Simply repealing the exemption without requiring reporting on the income tax return could result in about $100,000 per year in additional use tax collections. This would be a return to individual use tax reporting requirements as they existed prior to enactment of the de minimis exemption. Each individual would be required to file a use tax return if he or she made any purchases subject to use tax—through a catalog, on-line, or while traveling out of state. Many taxpayers would remain unaware of the use tax obligation, though technically even those with only small amounts of purchases would owe the tax. At the time the exemption was enacted, the Department of Revenue estimated the loss of about $100,000 annually through exempting the first $770 of purchases from the tax.23
Option #3: Retain the de minimis exemption and allow for use tax payment on the income tax return
Minnesota would not be likely to collect much additional use tax by placing a line on the income tax return if the de minimis exemption provision were retained. House File 2682, introduced during the 1998 legislative session, proposed adding a line to the income tax return for use tax reporting, but left the exemption in place. The Department of Revenue estimate for this bill indicated that the revenue gain was “indeterminable, [but] it appears any impact would be small.”24 The same is likely to be true today.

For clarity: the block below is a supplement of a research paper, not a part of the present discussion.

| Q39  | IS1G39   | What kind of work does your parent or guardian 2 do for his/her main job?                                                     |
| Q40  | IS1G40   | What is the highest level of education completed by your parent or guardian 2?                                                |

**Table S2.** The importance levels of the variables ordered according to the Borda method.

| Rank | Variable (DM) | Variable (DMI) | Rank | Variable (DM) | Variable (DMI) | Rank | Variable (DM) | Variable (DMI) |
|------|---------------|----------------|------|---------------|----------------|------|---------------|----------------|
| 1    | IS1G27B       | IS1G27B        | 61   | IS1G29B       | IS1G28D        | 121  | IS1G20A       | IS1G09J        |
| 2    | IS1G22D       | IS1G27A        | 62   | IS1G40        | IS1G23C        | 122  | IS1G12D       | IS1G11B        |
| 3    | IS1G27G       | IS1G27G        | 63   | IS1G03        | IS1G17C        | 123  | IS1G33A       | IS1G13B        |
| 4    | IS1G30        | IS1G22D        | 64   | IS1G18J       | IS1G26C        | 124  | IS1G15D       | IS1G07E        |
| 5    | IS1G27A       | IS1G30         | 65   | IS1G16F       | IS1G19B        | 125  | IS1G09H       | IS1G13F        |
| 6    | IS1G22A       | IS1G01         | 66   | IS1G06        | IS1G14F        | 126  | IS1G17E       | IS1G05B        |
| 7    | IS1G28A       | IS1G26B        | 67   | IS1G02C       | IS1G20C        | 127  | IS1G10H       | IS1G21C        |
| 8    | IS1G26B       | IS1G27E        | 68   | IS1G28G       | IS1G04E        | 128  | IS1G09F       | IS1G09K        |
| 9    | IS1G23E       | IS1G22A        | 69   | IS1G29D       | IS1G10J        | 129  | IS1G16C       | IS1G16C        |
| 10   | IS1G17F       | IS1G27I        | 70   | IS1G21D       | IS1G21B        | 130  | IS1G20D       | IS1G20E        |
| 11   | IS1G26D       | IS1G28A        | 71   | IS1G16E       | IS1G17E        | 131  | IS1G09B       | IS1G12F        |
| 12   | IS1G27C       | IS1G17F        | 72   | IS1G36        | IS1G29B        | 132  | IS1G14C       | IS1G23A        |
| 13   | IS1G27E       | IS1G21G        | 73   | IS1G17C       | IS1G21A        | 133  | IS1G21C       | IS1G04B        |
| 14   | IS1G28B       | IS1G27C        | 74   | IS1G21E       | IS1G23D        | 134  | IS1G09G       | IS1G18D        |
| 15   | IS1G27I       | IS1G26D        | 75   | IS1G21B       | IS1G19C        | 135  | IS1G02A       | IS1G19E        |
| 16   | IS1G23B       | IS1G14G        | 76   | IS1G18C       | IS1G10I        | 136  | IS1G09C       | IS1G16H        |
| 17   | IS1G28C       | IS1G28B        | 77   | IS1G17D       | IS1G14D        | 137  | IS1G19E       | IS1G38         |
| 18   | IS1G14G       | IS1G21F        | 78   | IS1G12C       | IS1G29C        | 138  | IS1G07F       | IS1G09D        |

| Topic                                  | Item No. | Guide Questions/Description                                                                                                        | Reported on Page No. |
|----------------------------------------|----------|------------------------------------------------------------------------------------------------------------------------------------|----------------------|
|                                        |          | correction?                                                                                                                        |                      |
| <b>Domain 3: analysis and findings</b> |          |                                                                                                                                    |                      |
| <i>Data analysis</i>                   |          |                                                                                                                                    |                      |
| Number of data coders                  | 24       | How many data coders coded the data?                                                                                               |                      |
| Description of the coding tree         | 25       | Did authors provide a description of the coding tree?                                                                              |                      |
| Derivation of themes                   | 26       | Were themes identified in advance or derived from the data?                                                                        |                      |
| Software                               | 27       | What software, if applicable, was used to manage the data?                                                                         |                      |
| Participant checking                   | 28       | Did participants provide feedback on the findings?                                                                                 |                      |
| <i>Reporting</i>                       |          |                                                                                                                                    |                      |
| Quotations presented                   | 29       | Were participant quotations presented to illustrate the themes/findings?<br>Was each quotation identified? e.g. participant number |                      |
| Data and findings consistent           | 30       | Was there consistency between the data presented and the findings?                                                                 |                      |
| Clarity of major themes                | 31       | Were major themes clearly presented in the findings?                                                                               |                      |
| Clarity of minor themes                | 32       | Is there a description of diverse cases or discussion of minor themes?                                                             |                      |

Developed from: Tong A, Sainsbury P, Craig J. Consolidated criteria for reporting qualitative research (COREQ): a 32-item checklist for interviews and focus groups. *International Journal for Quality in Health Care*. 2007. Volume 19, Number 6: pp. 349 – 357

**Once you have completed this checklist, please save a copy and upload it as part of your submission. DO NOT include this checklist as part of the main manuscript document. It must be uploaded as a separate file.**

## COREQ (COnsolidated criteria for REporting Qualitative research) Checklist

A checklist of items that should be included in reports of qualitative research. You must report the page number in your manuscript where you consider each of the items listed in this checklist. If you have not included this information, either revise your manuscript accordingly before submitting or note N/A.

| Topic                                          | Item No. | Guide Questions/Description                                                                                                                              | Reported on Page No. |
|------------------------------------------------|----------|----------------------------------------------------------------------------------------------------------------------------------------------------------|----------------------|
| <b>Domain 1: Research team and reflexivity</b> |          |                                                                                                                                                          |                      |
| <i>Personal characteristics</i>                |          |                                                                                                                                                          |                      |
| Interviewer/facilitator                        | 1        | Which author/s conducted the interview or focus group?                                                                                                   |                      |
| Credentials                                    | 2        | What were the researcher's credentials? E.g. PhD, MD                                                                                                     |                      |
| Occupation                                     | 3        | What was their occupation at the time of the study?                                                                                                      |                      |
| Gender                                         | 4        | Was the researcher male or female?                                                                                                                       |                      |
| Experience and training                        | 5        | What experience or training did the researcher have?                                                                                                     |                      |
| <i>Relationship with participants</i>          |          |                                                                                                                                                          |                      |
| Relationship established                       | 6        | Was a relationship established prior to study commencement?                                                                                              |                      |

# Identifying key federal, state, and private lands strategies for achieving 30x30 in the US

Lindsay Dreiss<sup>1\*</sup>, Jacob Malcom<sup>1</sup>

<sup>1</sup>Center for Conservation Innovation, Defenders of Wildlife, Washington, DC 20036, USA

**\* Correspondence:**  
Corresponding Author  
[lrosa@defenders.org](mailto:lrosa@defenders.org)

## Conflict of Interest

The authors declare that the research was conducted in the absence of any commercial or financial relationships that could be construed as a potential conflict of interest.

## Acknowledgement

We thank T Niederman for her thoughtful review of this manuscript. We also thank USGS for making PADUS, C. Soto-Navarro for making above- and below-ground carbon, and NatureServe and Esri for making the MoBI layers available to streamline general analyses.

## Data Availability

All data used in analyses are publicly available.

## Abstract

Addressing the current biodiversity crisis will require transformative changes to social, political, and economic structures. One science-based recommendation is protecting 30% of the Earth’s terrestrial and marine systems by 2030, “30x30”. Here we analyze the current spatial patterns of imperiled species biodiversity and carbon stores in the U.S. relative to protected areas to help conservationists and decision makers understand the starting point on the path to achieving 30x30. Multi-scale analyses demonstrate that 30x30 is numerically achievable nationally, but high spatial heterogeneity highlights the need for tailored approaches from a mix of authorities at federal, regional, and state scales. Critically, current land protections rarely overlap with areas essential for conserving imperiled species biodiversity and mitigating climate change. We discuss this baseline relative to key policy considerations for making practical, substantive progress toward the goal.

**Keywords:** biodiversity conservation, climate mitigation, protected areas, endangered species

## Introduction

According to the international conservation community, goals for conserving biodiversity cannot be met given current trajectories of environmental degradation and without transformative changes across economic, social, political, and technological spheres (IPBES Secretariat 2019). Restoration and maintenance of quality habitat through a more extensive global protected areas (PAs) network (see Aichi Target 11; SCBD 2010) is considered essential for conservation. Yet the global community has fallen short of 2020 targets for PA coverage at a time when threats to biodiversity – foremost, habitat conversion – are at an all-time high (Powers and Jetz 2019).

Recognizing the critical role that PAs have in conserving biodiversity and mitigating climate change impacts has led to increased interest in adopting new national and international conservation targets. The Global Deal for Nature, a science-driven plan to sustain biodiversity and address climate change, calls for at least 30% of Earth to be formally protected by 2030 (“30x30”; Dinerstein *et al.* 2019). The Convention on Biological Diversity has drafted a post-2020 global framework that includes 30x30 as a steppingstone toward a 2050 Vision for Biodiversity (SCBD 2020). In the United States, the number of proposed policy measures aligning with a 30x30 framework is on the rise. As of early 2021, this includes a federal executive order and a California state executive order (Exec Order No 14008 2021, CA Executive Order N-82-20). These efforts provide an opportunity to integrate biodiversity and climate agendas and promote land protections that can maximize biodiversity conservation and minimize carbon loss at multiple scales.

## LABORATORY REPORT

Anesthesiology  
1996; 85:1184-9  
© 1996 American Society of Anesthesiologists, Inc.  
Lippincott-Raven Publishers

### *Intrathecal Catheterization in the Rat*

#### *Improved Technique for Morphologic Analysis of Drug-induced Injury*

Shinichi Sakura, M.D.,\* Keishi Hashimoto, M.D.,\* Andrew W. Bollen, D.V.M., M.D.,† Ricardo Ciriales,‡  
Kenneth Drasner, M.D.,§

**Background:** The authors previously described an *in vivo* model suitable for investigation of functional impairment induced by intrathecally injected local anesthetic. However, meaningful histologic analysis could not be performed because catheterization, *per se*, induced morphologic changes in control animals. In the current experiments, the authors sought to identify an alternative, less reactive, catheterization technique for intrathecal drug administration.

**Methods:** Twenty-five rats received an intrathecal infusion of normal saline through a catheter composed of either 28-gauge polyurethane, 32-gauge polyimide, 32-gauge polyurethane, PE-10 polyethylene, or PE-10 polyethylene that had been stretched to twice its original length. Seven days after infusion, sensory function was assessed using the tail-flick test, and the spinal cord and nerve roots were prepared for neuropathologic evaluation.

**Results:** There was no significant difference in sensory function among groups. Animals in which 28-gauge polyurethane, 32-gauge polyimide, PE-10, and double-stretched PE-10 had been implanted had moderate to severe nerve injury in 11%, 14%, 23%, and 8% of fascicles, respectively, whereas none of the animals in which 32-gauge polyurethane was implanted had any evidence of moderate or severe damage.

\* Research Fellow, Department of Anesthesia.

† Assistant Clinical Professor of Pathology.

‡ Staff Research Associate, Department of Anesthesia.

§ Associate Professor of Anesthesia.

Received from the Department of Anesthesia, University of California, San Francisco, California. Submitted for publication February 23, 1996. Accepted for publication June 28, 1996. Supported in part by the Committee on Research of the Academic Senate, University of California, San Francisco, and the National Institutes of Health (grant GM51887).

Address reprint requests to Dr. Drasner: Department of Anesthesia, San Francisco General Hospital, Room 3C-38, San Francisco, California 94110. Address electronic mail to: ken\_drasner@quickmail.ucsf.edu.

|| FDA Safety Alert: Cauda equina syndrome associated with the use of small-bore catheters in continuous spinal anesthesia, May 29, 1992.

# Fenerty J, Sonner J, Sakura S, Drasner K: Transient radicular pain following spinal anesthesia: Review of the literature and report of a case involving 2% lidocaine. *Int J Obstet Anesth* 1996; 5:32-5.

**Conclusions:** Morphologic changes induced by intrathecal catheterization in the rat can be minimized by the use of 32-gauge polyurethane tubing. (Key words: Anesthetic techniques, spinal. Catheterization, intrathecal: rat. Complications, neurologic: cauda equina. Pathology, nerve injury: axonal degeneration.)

Revenue gains from adding a use tax line to the income tax return would be offset by administrative costs to the Department of Revenue. Inclusion of the use tax line would require an additional line on the individual income tax return and additional instructions in the booklet. The change would also require programming changes to account for the amount of use tax paid via the income tax return.25 Earlier estimates prepared by the department did not detail the amount of these administrative costs.
This and any related posts have been adopted from the Minnesota House of Representatives Research Department’s Information Brief, Use Tax Collection on Income Tax Returns in Other States, written by legislative analyst Nina Manzi.
20 Average purchases reported in states that tax clothing were adjusted downward by 11.1 percent, to reflect Minnesota’s exclusion of clothing from the tax base. The adjustment was calculated based on the share that clothing makes up of e-commerce, as reported by U.S. Census Bureau’s 2009 E-Stats report.
21 See footnote 11, supra.
22 Connecticut is omitted from the analysis (see footnote 11, supra).
23 Minnesota Department of Revenue, Analysis of 1996 Tax Conference Committee Report, April 11, 1996; see footnote 4, supra.
24 Minnesota Department of Revenue, Analysis of House File 2682, January 29, 1998.